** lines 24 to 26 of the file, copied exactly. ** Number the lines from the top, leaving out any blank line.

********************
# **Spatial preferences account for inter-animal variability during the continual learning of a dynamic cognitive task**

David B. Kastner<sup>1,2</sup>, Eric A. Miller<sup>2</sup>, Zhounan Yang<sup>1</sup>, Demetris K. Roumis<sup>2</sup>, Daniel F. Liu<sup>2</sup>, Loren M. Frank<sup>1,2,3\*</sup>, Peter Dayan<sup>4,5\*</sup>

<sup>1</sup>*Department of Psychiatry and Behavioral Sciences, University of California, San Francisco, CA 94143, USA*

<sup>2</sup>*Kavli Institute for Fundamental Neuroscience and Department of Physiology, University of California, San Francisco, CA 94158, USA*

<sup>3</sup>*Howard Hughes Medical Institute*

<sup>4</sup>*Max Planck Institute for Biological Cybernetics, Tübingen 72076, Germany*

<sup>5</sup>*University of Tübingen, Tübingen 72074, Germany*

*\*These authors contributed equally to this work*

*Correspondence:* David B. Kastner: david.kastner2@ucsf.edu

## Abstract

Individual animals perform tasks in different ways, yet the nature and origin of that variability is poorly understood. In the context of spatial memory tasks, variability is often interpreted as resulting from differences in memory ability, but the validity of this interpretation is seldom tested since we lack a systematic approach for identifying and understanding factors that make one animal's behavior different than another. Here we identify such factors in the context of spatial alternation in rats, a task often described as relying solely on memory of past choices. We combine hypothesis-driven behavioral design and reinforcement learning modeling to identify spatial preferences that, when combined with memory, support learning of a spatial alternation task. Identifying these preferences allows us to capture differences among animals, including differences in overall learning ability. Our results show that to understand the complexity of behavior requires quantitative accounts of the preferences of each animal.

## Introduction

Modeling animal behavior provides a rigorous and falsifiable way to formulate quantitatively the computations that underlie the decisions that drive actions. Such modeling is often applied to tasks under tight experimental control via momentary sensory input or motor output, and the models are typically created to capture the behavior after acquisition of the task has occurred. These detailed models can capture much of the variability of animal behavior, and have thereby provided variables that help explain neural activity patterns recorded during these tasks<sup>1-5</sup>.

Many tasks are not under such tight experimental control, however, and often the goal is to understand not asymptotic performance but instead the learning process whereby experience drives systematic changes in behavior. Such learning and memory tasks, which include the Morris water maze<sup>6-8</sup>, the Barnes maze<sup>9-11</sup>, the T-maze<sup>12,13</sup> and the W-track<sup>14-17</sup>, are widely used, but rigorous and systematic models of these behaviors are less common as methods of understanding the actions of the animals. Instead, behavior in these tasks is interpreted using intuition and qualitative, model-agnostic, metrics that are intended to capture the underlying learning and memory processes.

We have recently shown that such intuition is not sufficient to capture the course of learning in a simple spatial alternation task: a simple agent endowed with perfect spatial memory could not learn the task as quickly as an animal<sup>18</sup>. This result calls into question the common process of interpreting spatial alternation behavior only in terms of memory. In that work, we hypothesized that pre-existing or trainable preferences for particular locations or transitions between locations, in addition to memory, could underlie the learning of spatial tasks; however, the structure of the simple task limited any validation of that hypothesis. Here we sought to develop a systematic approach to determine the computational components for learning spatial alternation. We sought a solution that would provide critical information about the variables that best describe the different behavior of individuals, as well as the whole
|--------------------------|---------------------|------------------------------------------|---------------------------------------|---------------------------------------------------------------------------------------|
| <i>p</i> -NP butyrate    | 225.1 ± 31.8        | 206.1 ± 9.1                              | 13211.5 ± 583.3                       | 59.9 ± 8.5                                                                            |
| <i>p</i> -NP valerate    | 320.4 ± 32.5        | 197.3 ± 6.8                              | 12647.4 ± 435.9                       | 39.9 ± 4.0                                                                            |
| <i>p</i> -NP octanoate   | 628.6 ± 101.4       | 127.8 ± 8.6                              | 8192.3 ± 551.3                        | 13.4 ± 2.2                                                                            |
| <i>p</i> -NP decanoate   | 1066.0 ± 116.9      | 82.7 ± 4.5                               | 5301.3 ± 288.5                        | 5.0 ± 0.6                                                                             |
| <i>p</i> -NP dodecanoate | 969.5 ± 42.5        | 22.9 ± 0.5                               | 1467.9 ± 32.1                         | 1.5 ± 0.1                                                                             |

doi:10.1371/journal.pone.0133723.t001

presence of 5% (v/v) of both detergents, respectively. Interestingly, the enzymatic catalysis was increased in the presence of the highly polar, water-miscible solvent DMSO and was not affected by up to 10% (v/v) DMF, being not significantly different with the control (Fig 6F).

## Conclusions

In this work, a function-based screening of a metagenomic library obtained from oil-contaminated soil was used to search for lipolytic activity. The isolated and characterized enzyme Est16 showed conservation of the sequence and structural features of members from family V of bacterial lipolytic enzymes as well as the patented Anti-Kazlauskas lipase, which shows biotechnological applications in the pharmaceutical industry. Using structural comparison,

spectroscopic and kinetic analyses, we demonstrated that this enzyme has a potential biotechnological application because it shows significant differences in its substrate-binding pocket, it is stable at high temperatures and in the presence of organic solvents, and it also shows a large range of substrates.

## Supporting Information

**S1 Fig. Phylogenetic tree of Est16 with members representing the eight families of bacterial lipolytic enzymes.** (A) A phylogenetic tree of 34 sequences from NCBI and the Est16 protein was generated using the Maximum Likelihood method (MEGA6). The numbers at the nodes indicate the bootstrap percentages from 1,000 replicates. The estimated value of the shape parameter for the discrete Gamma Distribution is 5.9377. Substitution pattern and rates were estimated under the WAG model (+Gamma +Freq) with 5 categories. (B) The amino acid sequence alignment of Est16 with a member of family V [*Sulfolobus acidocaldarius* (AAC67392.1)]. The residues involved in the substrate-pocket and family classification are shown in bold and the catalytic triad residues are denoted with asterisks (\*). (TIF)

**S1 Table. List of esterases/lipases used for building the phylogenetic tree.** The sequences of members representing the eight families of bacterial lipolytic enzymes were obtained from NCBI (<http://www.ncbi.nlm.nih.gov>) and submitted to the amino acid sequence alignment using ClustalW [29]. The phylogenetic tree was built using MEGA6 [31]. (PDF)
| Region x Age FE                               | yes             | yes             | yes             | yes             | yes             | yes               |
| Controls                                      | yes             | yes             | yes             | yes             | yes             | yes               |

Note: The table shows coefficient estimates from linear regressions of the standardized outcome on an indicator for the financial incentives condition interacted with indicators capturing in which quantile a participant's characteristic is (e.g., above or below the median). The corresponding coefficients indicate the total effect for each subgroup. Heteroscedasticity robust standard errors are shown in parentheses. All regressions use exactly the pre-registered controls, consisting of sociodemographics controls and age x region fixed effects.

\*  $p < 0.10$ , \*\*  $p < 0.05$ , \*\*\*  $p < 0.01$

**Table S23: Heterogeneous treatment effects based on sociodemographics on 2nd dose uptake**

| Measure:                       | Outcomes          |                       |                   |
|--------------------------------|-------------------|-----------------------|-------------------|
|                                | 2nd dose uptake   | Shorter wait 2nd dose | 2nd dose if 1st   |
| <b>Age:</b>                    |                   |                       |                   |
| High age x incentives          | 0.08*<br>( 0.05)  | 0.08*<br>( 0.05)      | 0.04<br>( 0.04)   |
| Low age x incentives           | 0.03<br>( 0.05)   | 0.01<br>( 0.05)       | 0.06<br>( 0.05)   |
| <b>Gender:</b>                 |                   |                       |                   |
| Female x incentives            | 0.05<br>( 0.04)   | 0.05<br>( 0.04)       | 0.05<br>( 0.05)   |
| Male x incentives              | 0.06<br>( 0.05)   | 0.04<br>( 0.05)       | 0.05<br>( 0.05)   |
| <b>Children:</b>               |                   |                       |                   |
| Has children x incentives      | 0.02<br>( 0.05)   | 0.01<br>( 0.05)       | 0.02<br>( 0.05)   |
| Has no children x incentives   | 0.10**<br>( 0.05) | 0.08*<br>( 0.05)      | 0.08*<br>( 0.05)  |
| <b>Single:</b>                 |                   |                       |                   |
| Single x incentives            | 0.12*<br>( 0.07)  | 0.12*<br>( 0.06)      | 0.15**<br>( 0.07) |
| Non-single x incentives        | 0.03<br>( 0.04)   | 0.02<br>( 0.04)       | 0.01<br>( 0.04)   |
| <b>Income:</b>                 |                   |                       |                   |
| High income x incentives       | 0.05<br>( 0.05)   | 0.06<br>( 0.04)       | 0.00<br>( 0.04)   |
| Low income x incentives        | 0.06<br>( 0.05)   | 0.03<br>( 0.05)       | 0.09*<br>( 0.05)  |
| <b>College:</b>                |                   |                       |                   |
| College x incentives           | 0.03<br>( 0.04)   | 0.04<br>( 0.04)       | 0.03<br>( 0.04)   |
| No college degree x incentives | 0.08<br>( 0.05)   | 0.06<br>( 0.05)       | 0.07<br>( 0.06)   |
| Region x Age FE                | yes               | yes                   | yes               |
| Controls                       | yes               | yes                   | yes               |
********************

## Conclusions

In this work, a function-based screening of a metagenomic library obtained from oil-contaminated soil was used to search for lipolytic activity. The isolated and characterized enzyme Est16 showed conservation of the sequence and structural features of members from family V of bacterial lipolytic enzymes as well as the patented Anti-Kazlauskas lipase, which shows biotechnological applications in the pharmaceutical industry. Using structural comparison,

spectroscopic and kinetic analyses, we demonstrated that this enzyme has a potential biotechnological application because it shows significant differences in its substrate-binding pocket, it is stable at high temperatures and in the presence of organic solvents, and it also shows a large range of substrates.